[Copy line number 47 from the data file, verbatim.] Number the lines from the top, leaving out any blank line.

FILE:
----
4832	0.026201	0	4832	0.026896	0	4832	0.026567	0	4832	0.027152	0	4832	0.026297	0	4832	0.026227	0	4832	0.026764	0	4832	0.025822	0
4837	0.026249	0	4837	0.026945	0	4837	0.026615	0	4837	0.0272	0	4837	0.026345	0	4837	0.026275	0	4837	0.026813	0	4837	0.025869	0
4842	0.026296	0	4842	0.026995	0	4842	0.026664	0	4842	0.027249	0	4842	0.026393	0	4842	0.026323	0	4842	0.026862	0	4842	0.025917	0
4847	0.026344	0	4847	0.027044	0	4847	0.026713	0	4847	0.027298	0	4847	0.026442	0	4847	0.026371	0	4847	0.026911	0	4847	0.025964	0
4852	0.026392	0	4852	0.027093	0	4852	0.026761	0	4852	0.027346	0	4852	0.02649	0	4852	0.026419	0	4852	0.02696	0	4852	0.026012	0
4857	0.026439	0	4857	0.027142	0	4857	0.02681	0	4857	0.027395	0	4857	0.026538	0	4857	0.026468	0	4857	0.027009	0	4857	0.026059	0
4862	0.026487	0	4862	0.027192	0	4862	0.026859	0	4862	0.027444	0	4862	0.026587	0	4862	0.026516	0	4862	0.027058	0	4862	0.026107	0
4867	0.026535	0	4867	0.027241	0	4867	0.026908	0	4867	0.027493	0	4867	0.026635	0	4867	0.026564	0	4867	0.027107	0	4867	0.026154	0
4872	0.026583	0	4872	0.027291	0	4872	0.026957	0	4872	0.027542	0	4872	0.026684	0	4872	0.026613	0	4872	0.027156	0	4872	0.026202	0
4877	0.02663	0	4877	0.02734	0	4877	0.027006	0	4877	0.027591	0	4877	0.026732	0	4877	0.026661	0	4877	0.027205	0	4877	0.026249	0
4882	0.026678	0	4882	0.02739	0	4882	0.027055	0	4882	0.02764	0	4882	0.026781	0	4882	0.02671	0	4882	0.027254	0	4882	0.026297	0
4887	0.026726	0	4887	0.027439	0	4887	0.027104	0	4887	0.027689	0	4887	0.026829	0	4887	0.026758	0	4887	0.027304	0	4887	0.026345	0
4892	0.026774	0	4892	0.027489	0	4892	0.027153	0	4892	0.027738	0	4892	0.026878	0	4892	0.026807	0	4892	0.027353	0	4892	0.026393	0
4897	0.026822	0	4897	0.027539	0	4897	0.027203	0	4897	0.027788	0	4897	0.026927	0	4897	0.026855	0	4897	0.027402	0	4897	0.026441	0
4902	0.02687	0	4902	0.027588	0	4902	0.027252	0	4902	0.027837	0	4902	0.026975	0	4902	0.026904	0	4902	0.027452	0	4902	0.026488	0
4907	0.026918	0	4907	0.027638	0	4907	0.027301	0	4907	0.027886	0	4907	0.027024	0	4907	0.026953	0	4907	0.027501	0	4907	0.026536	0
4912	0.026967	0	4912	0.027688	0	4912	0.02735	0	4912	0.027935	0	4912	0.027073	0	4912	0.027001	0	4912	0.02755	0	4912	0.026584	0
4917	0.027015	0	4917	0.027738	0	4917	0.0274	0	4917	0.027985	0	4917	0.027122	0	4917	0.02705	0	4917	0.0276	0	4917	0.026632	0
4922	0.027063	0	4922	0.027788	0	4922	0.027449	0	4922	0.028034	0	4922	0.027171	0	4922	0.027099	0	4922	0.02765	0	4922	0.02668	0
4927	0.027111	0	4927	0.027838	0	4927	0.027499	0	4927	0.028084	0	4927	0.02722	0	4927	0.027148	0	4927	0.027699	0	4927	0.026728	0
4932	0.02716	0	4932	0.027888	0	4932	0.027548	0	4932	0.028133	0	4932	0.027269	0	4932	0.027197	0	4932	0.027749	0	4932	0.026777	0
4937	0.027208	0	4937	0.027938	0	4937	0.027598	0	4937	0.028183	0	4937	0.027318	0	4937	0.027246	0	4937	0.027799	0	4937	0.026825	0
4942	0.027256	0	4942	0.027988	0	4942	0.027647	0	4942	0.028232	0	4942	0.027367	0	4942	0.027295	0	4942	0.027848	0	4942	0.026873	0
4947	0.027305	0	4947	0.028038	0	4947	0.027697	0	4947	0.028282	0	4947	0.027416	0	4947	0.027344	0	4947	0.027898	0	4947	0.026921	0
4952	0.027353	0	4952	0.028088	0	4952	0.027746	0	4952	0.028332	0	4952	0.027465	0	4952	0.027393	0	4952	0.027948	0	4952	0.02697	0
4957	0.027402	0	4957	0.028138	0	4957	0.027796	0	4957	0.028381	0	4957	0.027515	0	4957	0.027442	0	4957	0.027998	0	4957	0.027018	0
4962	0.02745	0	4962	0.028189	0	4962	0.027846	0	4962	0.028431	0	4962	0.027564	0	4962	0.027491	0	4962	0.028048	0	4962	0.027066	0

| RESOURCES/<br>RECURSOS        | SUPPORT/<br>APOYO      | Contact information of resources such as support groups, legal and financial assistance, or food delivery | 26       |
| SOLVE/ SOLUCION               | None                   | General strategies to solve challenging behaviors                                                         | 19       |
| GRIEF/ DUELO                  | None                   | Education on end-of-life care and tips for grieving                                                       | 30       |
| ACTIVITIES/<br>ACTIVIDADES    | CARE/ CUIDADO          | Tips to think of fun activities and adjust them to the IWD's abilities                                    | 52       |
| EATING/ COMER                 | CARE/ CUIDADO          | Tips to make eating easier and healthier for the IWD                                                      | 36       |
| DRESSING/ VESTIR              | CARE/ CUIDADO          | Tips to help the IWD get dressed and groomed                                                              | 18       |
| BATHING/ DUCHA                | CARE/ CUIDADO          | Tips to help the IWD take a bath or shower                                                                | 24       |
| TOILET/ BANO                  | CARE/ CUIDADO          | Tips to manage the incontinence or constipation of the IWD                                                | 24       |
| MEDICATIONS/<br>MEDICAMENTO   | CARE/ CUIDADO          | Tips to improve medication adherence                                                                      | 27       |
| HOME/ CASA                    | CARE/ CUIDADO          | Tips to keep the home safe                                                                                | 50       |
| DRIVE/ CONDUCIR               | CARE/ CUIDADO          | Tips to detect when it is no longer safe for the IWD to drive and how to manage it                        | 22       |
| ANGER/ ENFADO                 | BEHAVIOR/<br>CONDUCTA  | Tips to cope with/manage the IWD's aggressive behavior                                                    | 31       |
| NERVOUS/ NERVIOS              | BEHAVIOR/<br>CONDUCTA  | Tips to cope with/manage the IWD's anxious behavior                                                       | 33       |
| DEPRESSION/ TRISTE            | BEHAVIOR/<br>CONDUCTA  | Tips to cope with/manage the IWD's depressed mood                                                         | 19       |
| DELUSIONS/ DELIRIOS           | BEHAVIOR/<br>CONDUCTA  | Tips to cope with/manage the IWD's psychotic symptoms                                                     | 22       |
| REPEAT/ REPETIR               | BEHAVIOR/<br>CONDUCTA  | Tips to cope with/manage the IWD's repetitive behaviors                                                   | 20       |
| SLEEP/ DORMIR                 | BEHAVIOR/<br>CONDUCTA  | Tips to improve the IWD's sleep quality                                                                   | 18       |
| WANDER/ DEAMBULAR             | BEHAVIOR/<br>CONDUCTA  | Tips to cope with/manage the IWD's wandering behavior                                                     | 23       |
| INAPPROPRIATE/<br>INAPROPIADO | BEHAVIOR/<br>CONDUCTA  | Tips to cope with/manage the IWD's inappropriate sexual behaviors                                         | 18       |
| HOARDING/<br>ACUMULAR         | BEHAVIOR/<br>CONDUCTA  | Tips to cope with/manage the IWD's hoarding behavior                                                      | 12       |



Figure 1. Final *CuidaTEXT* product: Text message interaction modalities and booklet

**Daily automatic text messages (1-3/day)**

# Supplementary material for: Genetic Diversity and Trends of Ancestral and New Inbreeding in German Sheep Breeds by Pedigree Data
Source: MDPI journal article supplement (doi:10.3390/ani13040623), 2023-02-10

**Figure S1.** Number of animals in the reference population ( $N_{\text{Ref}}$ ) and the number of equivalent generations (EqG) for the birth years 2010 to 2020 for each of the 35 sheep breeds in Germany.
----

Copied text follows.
| HOARDING/<br>ACUMULAR         | BEHAVIOR/<br>CONDUCTA  | Tips to cope with/manage the IWD's hoarding behavior                                                      | 12       |